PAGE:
Driving a Ford Madox Ford renaissance

Laurence Inman extols the joy of quality writing and film making.

It’s been an interesting week for stuff on the telly; anyway very encouraging for those, like me, who know there was never un age d’or of drama and comedy. If you doubt this, look at some old tapes of Monty Python or Brideshead Revisited. The first is under-rehearsed, tedious, repetitive tosh. In the second, the production values would shame a first-year film-studies student.

Parades EndTom Stoppard’s rendering of Ford Madox Ford’s Parade’s End is, so far, majestic. All the acting prizes will go to the usual suspects, but I urge you to watch especially closely Stephen Graham, who plays Macmaster. He was in the first episode of Jimmy McGovern’s Accused. Sean Bean has said he only took the main role so that he could work with Graham. He is one of a small band of perfect actors who never, even for a second, look as if they’re acting. You never see the machinery going round. He’s up there with Gary Oldman and the late Colin Blakely.

Parade’s End is four novels: Some Do Not…., No More Parades, A Man Could Stand Up – and The Last Post. You can get them all together in Penguin Modern Classics.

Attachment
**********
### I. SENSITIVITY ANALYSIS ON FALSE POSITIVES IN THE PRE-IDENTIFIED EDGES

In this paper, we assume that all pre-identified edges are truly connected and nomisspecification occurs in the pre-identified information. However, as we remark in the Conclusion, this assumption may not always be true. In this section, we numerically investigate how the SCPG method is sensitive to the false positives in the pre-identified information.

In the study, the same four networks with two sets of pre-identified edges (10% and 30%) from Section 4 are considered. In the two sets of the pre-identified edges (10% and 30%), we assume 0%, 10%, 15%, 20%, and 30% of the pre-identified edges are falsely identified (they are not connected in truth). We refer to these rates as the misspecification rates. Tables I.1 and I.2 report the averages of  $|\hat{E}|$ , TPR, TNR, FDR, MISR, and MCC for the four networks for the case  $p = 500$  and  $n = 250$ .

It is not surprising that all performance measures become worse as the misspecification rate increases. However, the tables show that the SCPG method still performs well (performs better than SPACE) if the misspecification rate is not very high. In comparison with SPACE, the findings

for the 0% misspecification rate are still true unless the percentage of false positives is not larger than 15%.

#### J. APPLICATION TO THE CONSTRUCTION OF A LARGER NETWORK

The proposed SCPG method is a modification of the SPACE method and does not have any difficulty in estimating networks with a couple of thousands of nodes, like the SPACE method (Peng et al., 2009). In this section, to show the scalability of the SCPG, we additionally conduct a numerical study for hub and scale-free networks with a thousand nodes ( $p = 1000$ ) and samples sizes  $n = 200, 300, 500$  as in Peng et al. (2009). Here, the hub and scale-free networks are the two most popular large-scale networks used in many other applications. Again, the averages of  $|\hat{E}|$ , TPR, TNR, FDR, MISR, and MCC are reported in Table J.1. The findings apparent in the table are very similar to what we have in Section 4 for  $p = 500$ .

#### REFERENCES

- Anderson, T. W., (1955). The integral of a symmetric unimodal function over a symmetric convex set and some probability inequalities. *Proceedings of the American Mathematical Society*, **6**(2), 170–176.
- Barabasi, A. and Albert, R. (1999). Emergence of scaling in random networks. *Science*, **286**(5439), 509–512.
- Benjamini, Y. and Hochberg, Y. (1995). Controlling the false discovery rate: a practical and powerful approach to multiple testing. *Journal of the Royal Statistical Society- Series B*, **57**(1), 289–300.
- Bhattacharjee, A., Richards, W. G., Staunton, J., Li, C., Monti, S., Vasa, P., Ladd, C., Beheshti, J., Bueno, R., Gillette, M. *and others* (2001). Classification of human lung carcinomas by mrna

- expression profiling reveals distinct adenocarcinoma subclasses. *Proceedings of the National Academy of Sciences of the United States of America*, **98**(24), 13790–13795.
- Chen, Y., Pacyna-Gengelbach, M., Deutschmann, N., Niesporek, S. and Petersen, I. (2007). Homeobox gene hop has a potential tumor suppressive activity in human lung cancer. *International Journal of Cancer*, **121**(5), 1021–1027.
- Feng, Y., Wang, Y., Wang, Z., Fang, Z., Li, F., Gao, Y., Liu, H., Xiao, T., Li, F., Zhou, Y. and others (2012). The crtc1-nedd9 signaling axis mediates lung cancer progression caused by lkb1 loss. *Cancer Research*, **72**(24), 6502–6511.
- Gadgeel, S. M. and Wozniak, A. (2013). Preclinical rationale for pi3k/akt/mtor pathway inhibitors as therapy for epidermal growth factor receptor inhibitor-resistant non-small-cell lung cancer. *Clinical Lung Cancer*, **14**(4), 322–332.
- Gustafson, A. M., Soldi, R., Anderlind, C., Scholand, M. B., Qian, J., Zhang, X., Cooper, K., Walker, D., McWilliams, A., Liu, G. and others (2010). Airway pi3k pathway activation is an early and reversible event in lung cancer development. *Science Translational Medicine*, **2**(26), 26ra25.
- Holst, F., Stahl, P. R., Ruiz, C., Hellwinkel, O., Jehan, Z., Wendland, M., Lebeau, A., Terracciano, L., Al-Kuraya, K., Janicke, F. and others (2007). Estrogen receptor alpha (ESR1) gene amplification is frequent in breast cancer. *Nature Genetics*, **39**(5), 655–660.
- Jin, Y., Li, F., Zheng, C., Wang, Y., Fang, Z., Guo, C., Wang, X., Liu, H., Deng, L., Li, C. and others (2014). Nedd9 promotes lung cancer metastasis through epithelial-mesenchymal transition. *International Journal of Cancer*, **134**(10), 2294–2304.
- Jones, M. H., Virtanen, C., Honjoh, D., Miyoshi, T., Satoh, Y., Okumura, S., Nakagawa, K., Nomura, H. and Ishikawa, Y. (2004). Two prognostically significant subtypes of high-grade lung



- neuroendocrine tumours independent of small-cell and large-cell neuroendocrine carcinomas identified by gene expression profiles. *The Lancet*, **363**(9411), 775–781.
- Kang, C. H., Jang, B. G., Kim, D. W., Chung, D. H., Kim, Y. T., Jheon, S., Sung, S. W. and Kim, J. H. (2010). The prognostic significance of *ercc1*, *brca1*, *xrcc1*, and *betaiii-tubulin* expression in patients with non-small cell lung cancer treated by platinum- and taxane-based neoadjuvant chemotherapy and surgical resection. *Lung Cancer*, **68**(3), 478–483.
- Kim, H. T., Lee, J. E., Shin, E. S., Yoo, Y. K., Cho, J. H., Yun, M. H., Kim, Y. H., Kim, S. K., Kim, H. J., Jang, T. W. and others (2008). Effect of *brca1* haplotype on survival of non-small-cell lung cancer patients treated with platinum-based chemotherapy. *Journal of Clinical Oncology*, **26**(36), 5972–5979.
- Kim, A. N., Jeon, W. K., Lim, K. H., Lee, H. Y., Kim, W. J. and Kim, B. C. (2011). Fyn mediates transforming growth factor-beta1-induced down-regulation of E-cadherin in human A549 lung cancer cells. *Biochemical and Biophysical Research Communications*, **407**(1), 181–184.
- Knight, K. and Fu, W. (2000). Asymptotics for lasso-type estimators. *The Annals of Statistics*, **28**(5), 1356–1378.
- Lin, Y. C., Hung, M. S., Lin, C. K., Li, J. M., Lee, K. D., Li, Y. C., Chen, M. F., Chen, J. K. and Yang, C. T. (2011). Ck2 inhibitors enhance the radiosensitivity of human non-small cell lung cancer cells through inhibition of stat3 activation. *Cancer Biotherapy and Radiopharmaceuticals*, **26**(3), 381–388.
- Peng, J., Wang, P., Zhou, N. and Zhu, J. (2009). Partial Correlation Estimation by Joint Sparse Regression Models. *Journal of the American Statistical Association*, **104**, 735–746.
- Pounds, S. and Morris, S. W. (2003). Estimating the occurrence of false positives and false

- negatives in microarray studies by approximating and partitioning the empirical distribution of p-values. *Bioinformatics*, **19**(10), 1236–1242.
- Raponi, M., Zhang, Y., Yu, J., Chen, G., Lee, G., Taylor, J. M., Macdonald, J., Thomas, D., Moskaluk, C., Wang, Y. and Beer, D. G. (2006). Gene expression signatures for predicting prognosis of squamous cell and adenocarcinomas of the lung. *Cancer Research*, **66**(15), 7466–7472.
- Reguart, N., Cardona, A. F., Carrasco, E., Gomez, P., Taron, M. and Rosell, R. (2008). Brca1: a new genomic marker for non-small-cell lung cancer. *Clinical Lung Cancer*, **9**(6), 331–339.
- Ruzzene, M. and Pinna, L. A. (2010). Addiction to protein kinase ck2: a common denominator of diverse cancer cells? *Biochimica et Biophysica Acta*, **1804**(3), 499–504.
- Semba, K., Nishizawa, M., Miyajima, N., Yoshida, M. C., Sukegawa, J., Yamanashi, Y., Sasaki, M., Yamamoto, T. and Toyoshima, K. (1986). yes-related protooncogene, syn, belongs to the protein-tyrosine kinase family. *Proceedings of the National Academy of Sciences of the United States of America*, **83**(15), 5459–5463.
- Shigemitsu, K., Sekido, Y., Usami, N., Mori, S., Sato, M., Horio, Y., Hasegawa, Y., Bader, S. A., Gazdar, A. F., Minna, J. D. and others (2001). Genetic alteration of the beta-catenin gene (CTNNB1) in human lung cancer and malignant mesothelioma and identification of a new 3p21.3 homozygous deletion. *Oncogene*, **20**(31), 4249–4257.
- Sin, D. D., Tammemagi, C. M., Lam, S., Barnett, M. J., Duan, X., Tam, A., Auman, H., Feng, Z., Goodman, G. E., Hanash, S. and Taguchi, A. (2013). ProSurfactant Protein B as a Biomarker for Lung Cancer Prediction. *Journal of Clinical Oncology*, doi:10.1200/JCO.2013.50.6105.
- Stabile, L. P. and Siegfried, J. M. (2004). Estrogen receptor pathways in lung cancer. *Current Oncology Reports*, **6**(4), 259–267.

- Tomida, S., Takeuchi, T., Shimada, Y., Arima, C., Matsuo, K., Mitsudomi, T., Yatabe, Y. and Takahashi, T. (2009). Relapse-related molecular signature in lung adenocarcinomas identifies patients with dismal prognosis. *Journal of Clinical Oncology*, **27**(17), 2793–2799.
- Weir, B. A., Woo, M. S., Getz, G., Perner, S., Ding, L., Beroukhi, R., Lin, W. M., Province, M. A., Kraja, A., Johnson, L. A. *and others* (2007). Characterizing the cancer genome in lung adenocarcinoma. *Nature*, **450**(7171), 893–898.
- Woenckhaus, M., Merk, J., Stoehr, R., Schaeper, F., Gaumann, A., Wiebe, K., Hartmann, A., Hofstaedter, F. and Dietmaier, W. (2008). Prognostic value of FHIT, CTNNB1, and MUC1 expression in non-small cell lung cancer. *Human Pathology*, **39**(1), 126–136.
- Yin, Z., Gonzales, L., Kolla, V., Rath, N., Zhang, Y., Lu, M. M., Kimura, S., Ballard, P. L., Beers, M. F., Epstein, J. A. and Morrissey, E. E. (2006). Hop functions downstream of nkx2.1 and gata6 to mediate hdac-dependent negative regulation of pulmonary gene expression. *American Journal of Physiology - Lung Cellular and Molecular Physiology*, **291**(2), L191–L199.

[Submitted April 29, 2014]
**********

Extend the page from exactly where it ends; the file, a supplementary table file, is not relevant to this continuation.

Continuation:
Ford is a great writer. Despite the obvious claimants, I can’t see The Good Soldier as anything but the best novel of the last century. His writing lives on in the mind, grows and matures until you understand, later, why something happened as it did, why a character had to say a certain word. ‘We had the experience but missed the meaning.’ Eliot’s lines holds for literature, as well as life.

Above all, he tells the truth. Bad people can still be bad, even if they don’t do bad things. People who do evil are not necessarily evil in themselves. Motives are always opaque; people can sometimes throw their lives away, on the flimsiest of pretexts, know that they’re doing it and still do it. ‘Love’ is the greatest mystery.

His style is often indirect, elliptical even, like his near-contemporary, Conrad. I am hoping that this dramatization will lead to a Ford revival and a re-awakening of interest in English writers who were clearly affected by him.

Of which, more next week.

You can watch Episode 1 of Parade’s End on the BBC iPlayer here